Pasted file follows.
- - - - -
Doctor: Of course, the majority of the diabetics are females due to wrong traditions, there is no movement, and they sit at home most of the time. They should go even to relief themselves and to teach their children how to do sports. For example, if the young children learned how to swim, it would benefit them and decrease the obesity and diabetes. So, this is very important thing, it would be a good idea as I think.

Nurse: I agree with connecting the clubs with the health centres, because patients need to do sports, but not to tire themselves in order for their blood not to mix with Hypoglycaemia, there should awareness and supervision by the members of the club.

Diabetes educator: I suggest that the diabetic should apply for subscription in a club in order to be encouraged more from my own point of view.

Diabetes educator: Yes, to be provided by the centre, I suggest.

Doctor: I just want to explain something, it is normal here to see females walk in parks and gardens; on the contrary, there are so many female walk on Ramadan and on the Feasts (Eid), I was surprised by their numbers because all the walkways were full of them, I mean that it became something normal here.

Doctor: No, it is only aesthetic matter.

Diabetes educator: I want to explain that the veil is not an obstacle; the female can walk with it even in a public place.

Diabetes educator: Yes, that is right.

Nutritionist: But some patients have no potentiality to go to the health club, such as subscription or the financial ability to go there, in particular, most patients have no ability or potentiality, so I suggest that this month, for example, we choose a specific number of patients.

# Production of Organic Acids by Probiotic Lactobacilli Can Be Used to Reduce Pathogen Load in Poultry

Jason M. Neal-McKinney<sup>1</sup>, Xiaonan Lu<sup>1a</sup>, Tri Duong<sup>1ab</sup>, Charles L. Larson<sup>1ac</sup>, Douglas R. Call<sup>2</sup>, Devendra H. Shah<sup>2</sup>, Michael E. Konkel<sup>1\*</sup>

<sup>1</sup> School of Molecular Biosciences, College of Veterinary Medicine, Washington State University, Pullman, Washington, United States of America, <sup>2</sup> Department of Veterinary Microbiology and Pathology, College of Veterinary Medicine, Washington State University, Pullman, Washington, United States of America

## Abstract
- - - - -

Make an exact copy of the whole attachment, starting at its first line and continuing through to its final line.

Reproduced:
Doctor: Of course, the majority of the diabetics are females due to wrong traditions, there is no movement, and they sit at home most of the time. They should go even to relief themselves and to teach their children how to do sports. For example, if the young children learned how to swim, it would benefit them and decrease the obesity and diabetes. So, this is very important thing, it would be a good idea as I think.

Nurse: I agree with connecting the clubs with the health centres, because patients need to do sports, but not to tire themselves in order for their blood not to mix with Hypoglycaemia, there should awareness and supervision by the members of the club.

Diabetes educator: I suggest that the diabetic should apply for subscription in a club in order to be encouraged more from my own point of view.

Diabetes educator: Yes, to be provided by the centre, I suggest.

Doctor: I just want to explain something, it is normal here to see females walk in parks and gardens; on the contrary, there are so many female walk on Ramadan and on the Feasts (Eid), I was surprised by their numbers because all the walkways were full of them, I mean that it became something normal here.

Doctor: No, it is only aesthetic matter.

Diabetes educator: I want to explain that the veil is not an obstacle; the female can walk with it even in a public place.

Diabetes educator: Yes, that is right.

Nutritionist: But some patients have no potentiality to go to the health club, such as subscription or the financial ability to go there, in particular, most patients have no ability or potentiality, so I suggest that this month, for example, we choose a specific number of patients.

# Production of Organic Acids by Probiotic Lactobacilli Can Be Used to Reduce Pathogen Load in Poultry

Jason M. Neal-McKinney<sup>1</sup>, Xiaonan Lu<sup>1a</sup>, Tri Duong<sup>1ab</sup>, Charles L. Larson<sup>1ac</sup>, Douglas R. Call<sup>2</sup>, Devendra H. Shah<sup>2</sup>, Michael E. Konkel<sup>1\*</sup>

<sup>1</sup> School of Molecular Biosciences, College of Veterinary Medicine, Washington State University, Pullman, Washington, United States of America, <sup>2</sup> Department of Veterinary Microbiology and Pathology, College of Veterinary Medicine, Washington State University, Pullman, Washington, United States of America

## Abstract